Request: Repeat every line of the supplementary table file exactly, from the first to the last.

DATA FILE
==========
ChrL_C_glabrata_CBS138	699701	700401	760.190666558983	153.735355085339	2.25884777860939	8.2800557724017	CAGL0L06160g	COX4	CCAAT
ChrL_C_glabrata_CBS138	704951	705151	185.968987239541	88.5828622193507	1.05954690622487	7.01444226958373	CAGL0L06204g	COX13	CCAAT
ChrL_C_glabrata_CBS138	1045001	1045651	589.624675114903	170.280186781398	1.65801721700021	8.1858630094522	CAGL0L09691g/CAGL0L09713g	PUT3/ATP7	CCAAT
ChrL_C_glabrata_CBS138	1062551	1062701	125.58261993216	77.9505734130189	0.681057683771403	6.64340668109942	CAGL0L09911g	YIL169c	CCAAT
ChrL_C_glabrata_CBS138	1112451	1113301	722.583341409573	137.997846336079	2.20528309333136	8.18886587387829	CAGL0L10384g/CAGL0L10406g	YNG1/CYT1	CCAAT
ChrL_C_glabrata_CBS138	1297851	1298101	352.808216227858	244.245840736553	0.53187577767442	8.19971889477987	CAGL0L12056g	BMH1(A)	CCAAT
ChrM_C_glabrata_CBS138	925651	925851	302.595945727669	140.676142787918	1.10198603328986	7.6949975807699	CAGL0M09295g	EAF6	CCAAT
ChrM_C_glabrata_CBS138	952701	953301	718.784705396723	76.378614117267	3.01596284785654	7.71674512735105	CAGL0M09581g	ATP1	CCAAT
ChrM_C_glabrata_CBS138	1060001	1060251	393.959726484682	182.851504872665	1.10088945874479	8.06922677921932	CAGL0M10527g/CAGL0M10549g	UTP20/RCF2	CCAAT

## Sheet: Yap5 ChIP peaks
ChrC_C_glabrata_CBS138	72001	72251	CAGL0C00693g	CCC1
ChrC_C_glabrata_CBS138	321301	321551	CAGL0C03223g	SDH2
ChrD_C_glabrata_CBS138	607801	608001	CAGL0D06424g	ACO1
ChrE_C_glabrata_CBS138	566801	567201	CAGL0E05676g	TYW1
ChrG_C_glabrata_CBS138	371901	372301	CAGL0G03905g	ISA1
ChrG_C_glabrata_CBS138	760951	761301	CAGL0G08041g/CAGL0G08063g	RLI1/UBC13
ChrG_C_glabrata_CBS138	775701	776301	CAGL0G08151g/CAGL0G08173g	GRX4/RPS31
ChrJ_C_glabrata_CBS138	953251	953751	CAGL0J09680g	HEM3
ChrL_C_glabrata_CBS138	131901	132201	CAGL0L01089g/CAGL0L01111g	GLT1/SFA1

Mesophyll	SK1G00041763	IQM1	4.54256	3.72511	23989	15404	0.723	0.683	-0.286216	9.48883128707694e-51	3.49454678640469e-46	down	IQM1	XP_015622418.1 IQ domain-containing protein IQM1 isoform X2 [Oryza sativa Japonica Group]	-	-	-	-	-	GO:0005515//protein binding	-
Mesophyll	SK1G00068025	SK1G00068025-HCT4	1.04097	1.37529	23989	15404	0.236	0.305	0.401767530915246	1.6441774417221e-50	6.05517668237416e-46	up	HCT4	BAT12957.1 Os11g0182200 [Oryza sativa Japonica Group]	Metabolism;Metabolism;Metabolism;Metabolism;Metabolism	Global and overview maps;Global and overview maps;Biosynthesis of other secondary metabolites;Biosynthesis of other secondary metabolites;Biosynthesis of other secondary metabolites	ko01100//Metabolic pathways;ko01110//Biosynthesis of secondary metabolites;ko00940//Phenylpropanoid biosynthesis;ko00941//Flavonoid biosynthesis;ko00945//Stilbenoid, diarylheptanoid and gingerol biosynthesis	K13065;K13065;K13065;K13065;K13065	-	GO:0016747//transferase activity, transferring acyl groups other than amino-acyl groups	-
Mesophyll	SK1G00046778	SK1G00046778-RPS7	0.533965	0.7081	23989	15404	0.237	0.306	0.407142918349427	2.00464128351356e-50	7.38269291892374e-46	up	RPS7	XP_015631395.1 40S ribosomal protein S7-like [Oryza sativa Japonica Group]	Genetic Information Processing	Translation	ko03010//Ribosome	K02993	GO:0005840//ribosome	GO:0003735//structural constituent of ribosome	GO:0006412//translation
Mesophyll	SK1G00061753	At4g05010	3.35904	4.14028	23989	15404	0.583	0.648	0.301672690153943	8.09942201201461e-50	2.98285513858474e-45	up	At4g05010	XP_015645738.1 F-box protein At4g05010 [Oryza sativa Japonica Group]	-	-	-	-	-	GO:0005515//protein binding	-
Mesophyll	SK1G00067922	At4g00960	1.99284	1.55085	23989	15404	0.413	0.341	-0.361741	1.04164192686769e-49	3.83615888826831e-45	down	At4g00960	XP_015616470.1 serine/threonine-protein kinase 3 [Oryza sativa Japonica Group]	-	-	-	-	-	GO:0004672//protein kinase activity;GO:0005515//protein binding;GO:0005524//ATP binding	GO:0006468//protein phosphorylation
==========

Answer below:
ChrL_C_glabrata_CBS138	699701	700401	760.190666558983	153.735355085339	2.25884777860939	8.2800557724017	CAGL0L06160g	COX4	CCAAT
ChrL_C_glabrata_CBS138	704951	705151	185.968987239541	88.5828622193507	1.05954690622487	7.01444226958373	CAGL0L06204g	COX13	CCAAT
ChrL_C_glabrata_CBS138	1045001	1045651	589.624675114903	170.280186781398	1.65801721700021	8.1858630094522	CAGL0L09691g/CAGL0L09713g	PUT3/ATP7	CCAAT
ChrL_C_glabrata_CBS138	1062551	1062701	125.58261993216	77.9505734130189	0.681057683771403	6.64340668109942	CAGL0L09911g	YIL169c	CCAAT
ChrL_C_glabrata_CBS138	1112451	1113301	722.583341409573	137.997846336079	2.20528309333136	8.18886587387829	CAGL0L10384g/CAGL0L10406g	YNG1/CYT1	CCAAT
ChrL_C_glabrata_CBS138	1297851	1298101	352.808216227858	244.245840736553	0.53187577767442	8.19971889477987	CAGL0L12056g	BMH1(A)	CCAAT
ChrM_C_glabrata_CBS138	925651	925851	302.595945727669	140.676142787918	1.10198603328986	7.6949975807699	CAGL0M09295g	EAF6	CCAAT
ChrM_C_glabrata_CBS138	952701	953301	718.784705396723	76.378614117267	3.01596284785654	7.71674512735105	CAGL0M09581g	ATP1	CCAAT
ChrM_C_glabrata_CBS138	1060001	1060251	393.959726484682	182.851504872665	1.10088945874479	8.06922677921932	CAGL0M10527g/CAGL0M10549g	UTP20/RCF2	CCAAT

## Sheet: Yap5 ChIP peaks
ChrC_C_glabrata_CBS138	72001	72251	CAGL0C00693g	CCC1
ChrC_C_glabrata_CBS138	321301	321551	CAGL0C03223g	SDH2
ChrD_C_glabrata_CBS138	607801	608001	CAGL0D06424g	ACO1
ChrE_C_glabrata_CBS138	566801	567201	CAGL0E05676g	TYW1
ChrG_C_glabrata_CBS138	371901	372301	CAGL0G03905g	ISA1
ChrG_C_glabrata_CBS138	760951	761301	CAGL0G08041g/CAGL0G08063g	RLI1/UBC13
ChrG_C_glabrata_CBS138	775701	776301	CAGL0G08151g/CAGL0G08173g	GRX4/RPS31
ChrJ_C_glabrata_CBS138	953251	953751	CAGL0J09680g	HEM3
ChrL_C_glabrata_CBS138	131901	132201	CAGL0L01089g/CAGL0L01111g	GLT1/SFA1

Mesophyll	SK1G00041763	IQM1	4.54256	3.72511	23989	15404	0.723	0.683	-0.286216	9.48883128707694e-51	3.49454678640469e-46	down	IQM1	XP_015622418.1 IQ domain-containing protein IQM1 isoform X2 [Oryza sativa Japonica Group]	-	-	-	-	-	GO:0005515//protein binding	-
Mesophyll	SK1G00068025	SK1G00068025-HCT4	1.04097	1.37529	23989	15404	0.236	0.305	0.401767530915246	1.6441774417221e-50	6.05517668237416e-46	up	HCT4	BAT12957.1 Os11g0182200 [Oryza sativa Japonica Group]	Metabolism;Metabolism;Metabolism;Metabolism;Metabolism	Global and overview maps;Global and overview maps;Biosynthesis of other secondary metabolites;Biosynthesis of other secondary metabolites;Biosynthesis of other secondary metabolites	ko01100//Metabolic pathways;ko01110//Biosynthesis of secondary metabolites;ko00940//Phenylpropanoid biosynthesis;ko00941//Flavonoid biosynthesis;ko00945//Stilbenoid, diarylheptanoid and gingerol biosynthesis	K13065;K13065;K13065;K13065;K13065	-	GO:0016747//transferase activity, transferring acyl groups other than amino-acyl groups	-
Mesophyll	SK1G00046778	SK1G00046778-RPS7	0.533965	0.7081	23989	15404	0.237	0.306	0.407142918349427	2.00464128351356e-50	7.38269291892374e-46	up	RPS7	XP_015631395.1 40S ribosomal protein S7-like [Oryza sativa Japonica Group]	Genetic Information Processing	Translation	ko03010//Ribosome	K02993	GO:0005840//ribosome	GO:0003735//structural constituent of ribosome	GO:0006412//translation
Mesophyll	SK1G00061753	At4g05010	3.35904	4.14028	23989	15404	0.583	0.648	0.301672690153943	8.09942201201461e-50	2.98285513858474e-45	up	At4g05010	XP_015645738.1 F-box protein At4g05010 [Oryza sativa Japonica Group]	-	-	-	-	-	GO:0005515//protein binding	-
Mesophyll	SK1G00067922	At4g00960	1.99284	1.55085	23989	15404	0.413	0.341	-0.361741	1.04164192686769e-49	3.83615888826831e-45	down	At4g00960	XP_015616470.1 serine/threonine-protein kinase 3 [Oryza sativa Japonica Group]	-	-	-	-	-	GO:0004672//protein kinase activity;GO:0005515//protein binding;GO:0005524//ATP binding	GO:0006468//protein phosphorylation